If you've tied the knot but still prefer to keep your money separate from your partner, you may decide to file separately instead of jointly on your taxes. Before you decide to check the "married filing separately" box on your tax form, however, consider the possible penalties you may have to pay, especially if you own your home. These penalties could decrease your income tax or refund. So, before proceeding, it's a good idea to read all tax publications that apply to your situation and consider consulting a professional tax adviser.
Reduced First-Time Home Buyer Credits
In some tax years, the government encourages people to buy houses by extending credits to first-time home buyers. If the credit program is available and you're eligible, the amount you can deduct is limited. For instance, for the 2009 tax year, the first-time home buyer credit was up to $8,000, but if you filed as "married filing separately," the credit was shaved in half to up to $4,000. So if you've just purchased a new home in a tax year where you're allowed to take a first-time home buyer credit, keep this information in mind before you choose to file separately.
No Education Tax Credits
When you choose to file separately from your spouse, you cannot deduct a number of credits. One very significant and common credit that you relinquish is an education credit. That includes both the Hope and Lifetime Learning credit, which covers tuition and education-related expenses for going to an accredited institution. You also can't take the student loan interest deduction. So if you or your spouse go to school and pay tuition or student loans, you may want to consider filing jointly instead so that you can utilize these tax benefits to reduce your tax debt.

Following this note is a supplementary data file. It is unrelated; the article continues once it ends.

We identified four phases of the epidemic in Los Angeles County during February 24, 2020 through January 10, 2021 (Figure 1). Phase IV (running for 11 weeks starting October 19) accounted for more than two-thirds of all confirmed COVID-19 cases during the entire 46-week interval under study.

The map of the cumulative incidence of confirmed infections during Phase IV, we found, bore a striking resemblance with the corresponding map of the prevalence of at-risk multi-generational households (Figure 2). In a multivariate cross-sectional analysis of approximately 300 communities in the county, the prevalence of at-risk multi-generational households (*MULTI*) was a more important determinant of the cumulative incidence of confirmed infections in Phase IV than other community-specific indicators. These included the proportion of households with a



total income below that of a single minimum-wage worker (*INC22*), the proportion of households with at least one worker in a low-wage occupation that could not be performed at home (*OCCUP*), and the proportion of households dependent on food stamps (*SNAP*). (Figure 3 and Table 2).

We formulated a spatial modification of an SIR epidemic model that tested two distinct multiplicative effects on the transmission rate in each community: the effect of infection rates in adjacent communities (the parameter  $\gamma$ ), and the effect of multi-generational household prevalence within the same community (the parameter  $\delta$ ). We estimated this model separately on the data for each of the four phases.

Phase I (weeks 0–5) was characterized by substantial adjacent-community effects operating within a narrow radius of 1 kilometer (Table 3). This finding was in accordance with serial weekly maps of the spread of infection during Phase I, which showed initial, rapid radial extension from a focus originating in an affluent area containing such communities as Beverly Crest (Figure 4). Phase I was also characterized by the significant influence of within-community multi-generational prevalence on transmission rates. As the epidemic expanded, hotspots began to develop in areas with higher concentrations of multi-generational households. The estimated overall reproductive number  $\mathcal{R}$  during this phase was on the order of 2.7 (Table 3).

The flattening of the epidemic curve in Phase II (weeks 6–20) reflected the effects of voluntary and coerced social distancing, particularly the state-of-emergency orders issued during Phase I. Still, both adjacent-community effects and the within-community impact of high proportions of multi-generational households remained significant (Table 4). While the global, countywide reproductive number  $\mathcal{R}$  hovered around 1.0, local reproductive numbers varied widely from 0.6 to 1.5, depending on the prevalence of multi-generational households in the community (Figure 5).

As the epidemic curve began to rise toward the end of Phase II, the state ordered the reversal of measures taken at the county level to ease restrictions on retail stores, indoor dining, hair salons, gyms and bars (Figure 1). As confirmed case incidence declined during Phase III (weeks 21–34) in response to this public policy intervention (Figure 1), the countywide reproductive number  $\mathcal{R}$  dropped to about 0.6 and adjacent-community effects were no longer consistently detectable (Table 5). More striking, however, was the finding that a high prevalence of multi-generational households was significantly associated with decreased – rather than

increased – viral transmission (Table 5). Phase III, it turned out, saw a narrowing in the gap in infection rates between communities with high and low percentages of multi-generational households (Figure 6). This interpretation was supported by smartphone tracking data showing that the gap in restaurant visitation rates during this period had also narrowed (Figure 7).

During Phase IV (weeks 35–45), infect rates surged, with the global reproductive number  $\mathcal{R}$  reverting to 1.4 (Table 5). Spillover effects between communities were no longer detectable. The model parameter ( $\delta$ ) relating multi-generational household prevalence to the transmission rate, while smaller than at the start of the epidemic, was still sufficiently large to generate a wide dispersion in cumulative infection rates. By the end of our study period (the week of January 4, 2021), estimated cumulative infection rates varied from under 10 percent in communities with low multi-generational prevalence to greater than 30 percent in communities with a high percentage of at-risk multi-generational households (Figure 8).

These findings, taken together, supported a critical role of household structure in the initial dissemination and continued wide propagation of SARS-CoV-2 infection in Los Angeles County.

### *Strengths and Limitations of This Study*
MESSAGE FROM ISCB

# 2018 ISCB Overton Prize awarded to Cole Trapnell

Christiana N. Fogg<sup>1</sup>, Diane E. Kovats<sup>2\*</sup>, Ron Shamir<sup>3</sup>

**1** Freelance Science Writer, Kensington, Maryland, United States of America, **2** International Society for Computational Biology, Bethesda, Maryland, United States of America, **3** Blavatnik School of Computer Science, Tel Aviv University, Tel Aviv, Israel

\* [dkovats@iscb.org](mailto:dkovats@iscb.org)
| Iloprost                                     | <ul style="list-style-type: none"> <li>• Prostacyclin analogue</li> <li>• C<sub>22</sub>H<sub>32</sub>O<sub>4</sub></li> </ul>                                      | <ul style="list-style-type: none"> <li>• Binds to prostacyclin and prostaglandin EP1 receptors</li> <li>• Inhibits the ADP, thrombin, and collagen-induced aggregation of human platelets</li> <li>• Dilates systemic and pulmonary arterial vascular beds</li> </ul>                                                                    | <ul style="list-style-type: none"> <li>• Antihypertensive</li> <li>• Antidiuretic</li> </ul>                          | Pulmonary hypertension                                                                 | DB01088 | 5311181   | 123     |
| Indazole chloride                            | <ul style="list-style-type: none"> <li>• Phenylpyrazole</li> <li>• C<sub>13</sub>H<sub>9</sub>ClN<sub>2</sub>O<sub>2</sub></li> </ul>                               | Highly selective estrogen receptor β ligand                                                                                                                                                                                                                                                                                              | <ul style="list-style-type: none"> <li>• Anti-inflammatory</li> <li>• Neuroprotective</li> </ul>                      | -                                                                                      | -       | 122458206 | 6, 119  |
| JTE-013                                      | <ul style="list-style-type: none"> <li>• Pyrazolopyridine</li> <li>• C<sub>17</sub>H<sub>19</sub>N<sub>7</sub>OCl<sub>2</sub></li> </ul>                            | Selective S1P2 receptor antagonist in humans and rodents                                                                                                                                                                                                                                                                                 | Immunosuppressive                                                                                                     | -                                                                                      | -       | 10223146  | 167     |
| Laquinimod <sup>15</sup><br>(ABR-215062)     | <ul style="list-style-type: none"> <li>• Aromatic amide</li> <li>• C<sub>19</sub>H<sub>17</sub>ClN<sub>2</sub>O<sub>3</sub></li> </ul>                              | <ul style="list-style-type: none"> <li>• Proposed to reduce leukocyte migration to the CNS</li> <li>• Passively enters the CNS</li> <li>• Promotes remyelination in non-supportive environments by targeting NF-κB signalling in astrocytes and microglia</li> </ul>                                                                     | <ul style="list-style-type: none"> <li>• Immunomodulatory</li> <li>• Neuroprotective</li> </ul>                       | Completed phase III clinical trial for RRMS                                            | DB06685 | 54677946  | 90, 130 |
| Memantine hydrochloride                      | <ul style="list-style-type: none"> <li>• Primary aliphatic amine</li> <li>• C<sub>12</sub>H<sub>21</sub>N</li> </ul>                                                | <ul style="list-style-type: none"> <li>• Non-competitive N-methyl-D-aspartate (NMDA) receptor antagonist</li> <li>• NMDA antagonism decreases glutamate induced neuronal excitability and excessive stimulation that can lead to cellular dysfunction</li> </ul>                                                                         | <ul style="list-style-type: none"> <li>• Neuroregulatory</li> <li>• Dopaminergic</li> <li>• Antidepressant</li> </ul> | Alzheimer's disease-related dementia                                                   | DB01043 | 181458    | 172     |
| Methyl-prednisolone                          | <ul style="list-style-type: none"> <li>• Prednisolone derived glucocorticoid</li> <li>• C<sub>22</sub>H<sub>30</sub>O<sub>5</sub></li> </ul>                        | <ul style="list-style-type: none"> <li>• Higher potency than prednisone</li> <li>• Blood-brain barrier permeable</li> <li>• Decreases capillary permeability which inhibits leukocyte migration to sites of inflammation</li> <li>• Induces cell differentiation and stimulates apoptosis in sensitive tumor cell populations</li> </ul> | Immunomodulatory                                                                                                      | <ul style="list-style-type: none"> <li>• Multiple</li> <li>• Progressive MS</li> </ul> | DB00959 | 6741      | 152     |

Mortgage Insurance Deductions
If your lender requires you to pay mortgage insurance premiums (also called private mortgage insurance or PMI) as a condition of getting the loan, you're usually allowed to deduct this cost on Form 1040 Schedule A (Itemized Deductions). However, you can't take the deduction if your income exceeds $54,500 (as of 2009) if you decide to file separately from your spouse.
When you file separately, you may not be able to take the entire amount of your usual personal exemption amount ($3,650 as of 2009). If your adjusted gross income (AGI) is over a certain level ($125,100 as of 2009) an "exemption phaseout" applies where you can only take a portion of that exemption amount. When you file jointly, the AGI requirement where this exemption phaseout applies is much higher ($250,200 as of 2009).